Learning activities for this course have been designed to include interactive group activities. Information about these activities can be found in the learning materials in advance of each class. You should come fully prepared and able to share ideas and questions. Through discussion, your tutor and other students will help clarify any misunderstandings, and work on applying theoretical ideas to practical examples. Such discussions are very important opportunities for feedback. Your tutor will comment on your understanding of the ideas covered in the course, and may give you specific advice regarding your progress. Such feedback is intended to help you understand what your strengths and development points are, and to enable you to take informed responsibility for your learning and progression. To really make the most of them, you may find it helpful to write up notes from the discussions.
2. REFLECTIVE WRITING TASKS
During the course, you will be asked to write short reflective pieces about a topic covered on or related to the course, in which you reflect critically on how the issues covered in the course affect your work with children and families. Your reflective statement should address at least one of the following points. The course organiser will provide group feedback on these pieces of writing.
3. FEEDBACK ON ESSAY PLANS
There will be a chance to raise questions about the course assignment throughout the course. Students can bring their essay plans and discuss them in groups and with the course organizer. There will also be a chance to see assessments from previous years.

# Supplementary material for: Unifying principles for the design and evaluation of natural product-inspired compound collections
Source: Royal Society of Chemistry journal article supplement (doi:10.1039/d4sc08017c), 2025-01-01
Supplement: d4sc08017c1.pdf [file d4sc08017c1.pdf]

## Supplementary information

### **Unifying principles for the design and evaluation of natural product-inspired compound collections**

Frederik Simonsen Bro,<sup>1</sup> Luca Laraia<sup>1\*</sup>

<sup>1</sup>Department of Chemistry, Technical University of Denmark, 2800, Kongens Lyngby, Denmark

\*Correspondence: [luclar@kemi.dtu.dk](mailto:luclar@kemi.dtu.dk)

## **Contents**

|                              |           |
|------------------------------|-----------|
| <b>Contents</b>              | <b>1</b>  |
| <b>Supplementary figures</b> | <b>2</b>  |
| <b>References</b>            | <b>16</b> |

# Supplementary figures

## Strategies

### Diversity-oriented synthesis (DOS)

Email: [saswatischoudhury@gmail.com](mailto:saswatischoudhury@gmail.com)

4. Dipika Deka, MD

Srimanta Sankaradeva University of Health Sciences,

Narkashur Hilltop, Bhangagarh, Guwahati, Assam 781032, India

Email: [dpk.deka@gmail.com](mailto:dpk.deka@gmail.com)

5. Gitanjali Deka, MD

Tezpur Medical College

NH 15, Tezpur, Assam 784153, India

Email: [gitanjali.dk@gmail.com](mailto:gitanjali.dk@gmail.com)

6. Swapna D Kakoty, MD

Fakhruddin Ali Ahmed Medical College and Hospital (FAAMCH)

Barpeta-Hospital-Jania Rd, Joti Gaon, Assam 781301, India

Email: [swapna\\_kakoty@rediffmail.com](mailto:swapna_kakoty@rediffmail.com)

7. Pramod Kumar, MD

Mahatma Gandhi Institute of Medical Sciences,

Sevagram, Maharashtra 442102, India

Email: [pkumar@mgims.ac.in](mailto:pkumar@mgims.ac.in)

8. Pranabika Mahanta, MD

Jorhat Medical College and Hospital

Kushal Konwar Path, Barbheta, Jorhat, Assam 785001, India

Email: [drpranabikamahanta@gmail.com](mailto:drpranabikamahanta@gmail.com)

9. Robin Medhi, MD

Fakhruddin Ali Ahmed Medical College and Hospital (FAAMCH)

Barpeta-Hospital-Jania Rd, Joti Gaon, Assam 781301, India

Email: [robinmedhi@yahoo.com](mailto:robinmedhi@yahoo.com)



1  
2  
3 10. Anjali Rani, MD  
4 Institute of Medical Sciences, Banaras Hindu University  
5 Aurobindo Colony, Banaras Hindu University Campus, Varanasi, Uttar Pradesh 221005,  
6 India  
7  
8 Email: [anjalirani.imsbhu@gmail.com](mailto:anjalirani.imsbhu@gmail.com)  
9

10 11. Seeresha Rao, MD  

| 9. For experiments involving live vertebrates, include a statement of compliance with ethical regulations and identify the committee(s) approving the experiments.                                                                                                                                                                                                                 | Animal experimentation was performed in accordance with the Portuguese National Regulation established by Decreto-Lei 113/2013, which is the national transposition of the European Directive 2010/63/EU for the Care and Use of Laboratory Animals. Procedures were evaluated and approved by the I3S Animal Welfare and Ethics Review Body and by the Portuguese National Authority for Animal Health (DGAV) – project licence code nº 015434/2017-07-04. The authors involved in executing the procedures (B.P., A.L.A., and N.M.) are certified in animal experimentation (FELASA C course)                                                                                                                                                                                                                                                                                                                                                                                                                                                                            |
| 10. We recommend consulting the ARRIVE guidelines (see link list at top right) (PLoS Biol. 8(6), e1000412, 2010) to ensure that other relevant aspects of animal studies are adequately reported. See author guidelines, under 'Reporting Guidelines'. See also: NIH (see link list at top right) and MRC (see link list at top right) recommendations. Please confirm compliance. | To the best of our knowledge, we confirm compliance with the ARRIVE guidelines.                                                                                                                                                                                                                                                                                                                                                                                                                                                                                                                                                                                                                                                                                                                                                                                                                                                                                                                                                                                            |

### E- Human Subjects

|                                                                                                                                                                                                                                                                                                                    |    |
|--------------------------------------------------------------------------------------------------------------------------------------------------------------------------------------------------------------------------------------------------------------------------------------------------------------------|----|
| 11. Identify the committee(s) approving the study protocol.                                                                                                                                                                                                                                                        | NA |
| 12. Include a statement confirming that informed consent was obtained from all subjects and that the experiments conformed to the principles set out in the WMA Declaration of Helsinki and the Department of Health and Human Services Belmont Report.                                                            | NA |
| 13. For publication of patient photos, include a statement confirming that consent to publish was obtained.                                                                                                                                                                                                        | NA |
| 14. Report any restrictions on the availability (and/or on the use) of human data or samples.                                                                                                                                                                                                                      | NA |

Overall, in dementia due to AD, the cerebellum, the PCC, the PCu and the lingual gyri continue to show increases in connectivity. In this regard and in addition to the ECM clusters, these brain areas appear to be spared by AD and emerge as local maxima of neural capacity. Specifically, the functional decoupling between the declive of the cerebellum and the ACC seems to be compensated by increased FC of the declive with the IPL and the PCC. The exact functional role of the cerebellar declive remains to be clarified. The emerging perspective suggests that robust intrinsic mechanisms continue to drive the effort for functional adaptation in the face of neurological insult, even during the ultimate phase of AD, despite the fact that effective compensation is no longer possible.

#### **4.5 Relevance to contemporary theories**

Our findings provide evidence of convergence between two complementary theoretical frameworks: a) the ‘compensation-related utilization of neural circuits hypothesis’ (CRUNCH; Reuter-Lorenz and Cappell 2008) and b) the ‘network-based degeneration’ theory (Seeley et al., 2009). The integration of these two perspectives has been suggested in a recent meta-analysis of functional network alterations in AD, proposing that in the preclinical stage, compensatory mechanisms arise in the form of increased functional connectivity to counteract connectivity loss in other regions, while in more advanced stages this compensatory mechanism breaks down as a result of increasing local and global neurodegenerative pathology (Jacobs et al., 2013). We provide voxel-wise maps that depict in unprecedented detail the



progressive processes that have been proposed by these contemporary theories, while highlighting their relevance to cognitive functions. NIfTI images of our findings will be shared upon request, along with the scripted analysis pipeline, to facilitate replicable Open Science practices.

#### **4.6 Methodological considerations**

|No Exam Information
On completion of this course, the student will be able to:
- Evaluate theories of child development and sociological and anthropological theories of children and the family and relate this to the evolution of children's services.
- Demonstrate knowledge of and compare different contexts of family and learning (e.g. family and school) and a variety of family types (e.g. those described in disability studies.
- Compare, contrast and synthesise different ideas concerning power relations within the family and the roles of actors who contribute to a child's development (including children).
- Demonstrate reflexivity when critically evaluating practical examples and case studies of professional interaction with children and parents.
- Demonstrate knowledge of different social policies relating to children, families and the state.
|Aldridge and Becker (2002) Children Who Care: Rights and wrongs in debate and policy on young carers, in: Franklin, B The New Handbook of Children's Rights: Comparative policy and practice, London: Routledge, pages 208-222.|